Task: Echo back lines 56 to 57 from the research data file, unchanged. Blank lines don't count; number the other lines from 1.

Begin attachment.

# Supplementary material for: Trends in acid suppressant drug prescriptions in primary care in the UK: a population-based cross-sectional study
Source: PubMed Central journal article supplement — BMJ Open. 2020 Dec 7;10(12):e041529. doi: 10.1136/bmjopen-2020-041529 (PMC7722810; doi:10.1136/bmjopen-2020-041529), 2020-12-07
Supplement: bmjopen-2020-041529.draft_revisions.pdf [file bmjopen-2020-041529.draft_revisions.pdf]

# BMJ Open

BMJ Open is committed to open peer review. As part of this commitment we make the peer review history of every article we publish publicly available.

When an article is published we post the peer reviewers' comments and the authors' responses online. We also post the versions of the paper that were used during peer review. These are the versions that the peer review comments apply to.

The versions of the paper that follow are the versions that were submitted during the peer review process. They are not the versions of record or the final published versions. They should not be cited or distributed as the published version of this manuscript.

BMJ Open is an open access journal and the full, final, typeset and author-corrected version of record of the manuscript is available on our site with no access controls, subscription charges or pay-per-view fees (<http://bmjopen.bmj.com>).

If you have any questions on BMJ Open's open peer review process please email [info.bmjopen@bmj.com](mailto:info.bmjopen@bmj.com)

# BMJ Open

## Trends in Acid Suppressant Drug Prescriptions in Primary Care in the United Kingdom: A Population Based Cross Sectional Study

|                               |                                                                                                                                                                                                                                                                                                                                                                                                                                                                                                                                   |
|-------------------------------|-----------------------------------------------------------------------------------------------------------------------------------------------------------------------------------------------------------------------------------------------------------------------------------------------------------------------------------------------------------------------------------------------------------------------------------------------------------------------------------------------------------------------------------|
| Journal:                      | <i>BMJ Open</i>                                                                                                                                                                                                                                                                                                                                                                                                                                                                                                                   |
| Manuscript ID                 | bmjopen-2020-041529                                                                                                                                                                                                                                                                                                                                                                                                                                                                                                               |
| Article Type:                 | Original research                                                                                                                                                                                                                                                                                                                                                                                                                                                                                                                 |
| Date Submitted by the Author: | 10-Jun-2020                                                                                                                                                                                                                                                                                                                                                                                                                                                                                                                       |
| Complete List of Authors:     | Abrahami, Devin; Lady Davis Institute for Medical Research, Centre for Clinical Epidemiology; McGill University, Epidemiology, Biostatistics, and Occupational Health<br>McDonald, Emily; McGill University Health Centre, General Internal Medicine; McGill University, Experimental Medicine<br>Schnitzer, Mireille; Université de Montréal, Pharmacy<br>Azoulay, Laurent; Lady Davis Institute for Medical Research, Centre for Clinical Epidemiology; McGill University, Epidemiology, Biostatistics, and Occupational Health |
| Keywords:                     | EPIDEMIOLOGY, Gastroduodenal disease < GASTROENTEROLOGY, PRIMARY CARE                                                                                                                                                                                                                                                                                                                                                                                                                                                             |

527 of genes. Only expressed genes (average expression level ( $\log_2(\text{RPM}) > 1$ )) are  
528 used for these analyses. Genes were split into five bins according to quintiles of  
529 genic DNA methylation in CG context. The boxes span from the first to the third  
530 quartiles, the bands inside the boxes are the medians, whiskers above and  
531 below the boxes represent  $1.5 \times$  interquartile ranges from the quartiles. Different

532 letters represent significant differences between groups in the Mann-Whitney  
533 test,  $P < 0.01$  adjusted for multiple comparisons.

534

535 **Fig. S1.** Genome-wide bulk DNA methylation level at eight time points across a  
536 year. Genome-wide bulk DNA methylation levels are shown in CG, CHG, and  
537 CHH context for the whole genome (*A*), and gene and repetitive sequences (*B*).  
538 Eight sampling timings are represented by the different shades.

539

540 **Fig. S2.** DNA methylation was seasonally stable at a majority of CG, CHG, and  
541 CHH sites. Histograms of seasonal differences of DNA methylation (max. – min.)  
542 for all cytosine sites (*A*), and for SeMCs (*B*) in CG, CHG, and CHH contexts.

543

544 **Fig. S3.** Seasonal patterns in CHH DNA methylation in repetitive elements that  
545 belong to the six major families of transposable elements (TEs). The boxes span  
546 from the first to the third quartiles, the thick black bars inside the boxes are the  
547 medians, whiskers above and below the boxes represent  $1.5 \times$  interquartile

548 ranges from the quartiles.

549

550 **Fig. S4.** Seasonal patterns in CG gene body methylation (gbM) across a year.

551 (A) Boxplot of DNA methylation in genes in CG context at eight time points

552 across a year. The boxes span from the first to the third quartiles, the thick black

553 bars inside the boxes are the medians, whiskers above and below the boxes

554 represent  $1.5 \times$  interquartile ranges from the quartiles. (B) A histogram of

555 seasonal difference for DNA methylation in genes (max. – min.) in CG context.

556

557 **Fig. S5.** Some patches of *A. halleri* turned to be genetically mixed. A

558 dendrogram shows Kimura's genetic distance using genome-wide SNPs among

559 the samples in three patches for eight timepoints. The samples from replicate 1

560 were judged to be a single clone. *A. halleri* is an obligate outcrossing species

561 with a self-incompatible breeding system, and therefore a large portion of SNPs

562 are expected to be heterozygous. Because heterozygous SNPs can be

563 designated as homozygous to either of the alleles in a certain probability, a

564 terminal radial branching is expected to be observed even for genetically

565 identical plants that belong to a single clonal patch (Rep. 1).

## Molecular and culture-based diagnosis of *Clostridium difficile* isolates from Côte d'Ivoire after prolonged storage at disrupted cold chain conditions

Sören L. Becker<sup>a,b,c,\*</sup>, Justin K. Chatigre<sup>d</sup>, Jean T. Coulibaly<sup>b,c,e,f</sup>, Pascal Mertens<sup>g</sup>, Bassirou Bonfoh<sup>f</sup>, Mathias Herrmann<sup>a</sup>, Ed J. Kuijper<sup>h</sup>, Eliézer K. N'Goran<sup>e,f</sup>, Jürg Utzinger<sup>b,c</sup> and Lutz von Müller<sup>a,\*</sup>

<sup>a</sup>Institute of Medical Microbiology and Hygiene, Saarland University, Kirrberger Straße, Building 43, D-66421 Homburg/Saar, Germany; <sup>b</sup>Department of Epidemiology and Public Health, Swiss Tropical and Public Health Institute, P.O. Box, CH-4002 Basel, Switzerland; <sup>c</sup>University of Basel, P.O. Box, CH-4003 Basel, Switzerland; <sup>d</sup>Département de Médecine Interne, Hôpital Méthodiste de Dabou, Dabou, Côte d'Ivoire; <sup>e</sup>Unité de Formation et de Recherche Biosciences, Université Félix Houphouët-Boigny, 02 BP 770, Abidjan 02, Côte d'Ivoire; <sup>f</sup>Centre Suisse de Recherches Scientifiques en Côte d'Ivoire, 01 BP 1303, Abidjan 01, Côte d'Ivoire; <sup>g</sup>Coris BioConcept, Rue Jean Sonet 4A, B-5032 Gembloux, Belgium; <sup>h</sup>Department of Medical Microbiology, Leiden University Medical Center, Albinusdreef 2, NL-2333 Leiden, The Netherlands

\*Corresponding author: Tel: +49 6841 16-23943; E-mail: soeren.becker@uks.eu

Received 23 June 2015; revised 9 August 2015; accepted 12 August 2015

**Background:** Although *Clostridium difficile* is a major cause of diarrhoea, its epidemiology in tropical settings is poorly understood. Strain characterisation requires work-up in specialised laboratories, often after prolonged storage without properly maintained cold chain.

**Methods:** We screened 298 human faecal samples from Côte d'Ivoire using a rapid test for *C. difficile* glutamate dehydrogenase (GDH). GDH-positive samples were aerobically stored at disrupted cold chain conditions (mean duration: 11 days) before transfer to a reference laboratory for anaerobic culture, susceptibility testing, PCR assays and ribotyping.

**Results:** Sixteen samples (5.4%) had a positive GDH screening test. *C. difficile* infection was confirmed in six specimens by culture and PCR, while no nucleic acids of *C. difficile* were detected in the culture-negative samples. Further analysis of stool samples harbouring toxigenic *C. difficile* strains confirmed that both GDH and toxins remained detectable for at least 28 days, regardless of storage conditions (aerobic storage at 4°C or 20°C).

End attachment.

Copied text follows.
563 designated as homozygous to either of the alleles in a certain probability, a

564 terminal radial branching is expected to be observed even for genetically